"Princess and the Frog." Disney
gets refocused on what it does best in this fun musical that's much more than an equally opportunity gimmick.
While it doesn't have breakout sequences like "Beauty and the Beast" and "The Little Mermaid,"
it does have an interesting heroine, some wonderful supporting characters, and a genuinely tear-inducing ending. It's great
to see that the mouse factory isn't relying entirely on the Pixar side of the business. Speaking of Pixar, it has been a terrific
year for family films. When the latest Pixar offering, "Up," isn't a lock for Best Animated Film, that's a good
sign. I'd argue that "Princess and the Frog," "Up," "Where the Wild Things Are," "Ponyo"
and especially "The Fantastic Mr. Fox" all are worthy of spots on the newly expanded to 10 Academy Awards Best Picture
"Sherlock Holmes." The makers of the latest Sir. Arthur Conan Doyle-inspired flick have turned the brainy hero into a two-fisted action hero. And that's not a bad thing, especially when he's played by the endlessly charming and watchable Robert Downey Jr. (who deserves a spot as one of Hollywood's finest, most consistant actors) and sidekicked with Jude Law as Dr. Watson. The plot isn't one for the ages--it seems to come from a mixture of equal parts "National Treasure" and Indiana Jones--and the female lead isn't as effectively written, director or acted as the lead boys, but that doesn't get in the way of the fun. Lots of violent action keeps this from being recommended for younger kids, but teens and up should have a blast. Even the Sherlock Holmes club members behind me at the screening (including my librarian) gave it a thumbs up.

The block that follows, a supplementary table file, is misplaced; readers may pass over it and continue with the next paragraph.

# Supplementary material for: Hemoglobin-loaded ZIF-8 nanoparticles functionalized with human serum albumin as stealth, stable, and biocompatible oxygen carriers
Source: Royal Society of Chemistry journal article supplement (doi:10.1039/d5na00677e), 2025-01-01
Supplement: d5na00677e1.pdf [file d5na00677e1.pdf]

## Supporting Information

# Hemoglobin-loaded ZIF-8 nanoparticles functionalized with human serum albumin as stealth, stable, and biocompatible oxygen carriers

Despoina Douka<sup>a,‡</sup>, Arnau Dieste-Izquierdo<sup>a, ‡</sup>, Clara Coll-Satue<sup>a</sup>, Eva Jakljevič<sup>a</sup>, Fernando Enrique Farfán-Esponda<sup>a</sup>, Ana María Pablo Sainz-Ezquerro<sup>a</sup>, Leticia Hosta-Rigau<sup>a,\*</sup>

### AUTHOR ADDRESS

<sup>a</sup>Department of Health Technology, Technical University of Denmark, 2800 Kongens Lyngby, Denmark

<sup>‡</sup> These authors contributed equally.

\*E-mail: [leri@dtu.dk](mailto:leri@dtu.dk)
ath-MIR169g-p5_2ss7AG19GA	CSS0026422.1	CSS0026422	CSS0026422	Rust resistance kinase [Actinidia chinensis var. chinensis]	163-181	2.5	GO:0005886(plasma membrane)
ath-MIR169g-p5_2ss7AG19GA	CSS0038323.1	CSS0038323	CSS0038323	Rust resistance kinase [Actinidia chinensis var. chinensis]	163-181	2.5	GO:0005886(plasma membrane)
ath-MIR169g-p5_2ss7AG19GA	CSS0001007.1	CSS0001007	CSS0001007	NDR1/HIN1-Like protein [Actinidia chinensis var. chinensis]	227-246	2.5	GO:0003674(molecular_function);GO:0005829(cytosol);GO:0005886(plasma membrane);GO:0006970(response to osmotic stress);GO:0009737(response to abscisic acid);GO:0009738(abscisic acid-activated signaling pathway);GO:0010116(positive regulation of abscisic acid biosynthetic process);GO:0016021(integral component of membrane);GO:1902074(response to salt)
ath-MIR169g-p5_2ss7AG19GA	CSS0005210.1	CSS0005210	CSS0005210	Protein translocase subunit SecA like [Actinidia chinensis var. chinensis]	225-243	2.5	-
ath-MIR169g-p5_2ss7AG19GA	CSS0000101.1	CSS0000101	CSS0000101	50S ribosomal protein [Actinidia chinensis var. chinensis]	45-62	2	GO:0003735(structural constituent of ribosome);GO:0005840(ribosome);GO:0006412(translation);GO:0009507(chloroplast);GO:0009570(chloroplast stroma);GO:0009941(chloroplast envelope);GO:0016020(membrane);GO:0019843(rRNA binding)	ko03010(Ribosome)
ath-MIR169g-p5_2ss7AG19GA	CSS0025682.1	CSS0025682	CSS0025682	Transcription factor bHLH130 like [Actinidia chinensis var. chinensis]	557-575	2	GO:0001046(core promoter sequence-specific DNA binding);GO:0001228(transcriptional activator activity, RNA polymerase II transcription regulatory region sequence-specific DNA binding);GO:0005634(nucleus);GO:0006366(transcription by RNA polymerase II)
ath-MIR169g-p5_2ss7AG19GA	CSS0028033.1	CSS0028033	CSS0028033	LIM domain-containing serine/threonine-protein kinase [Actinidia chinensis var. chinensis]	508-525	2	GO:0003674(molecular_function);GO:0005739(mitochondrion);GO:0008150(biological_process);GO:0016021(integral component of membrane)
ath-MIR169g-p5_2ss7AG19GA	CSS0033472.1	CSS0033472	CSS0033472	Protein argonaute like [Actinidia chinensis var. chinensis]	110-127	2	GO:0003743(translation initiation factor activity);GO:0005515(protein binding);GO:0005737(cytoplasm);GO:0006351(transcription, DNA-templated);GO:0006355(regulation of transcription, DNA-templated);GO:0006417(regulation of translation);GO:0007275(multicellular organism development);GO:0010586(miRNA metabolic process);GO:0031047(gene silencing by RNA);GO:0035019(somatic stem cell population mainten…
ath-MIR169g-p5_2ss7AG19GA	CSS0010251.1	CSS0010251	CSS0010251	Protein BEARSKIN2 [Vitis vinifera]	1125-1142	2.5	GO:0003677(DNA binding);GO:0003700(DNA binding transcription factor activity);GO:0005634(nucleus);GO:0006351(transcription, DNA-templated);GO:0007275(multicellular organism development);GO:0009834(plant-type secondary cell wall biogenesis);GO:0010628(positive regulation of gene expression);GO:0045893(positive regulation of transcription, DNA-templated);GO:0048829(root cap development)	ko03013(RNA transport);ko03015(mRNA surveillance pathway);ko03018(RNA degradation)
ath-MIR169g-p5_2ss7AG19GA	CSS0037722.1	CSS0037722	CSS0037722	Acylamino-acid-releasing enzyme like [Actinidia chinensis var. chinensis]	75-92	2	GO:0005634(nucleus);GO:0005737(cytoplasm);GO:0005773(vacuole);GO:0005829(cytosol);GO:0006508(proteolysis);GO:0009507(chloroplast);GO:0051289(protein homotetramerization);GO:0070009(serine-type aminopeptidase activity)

The magic that Rob Marshall brought to the film version of "Chicago" is nowhere to be found in his muddy adaption
of the musical "Nine." I didn't see the show on stage, but I know that it's central gimmick was that blocked film
director Guido Contini was the only man in the show. The rest of the cast of characters was comprised of the women in his
life, including his mother, his wife, his mistress and his muse. In opening up the film, Marshall loses that focus. And the
Maury Yeston songs--the few that weren't cut--don't translate well into close-ups. The result is an unpleasant, unfocused,
dull film that doesn't help us understand or even care about the problems of this weasel. Daniel Day-Lewis seems to be working
hard, but to little effect. And the only stand-outs among the women are Marion Cotillard as the wronged wife and Stacy "Fergie"
Ferguson, who gives her song--and the movie--much needed uumph.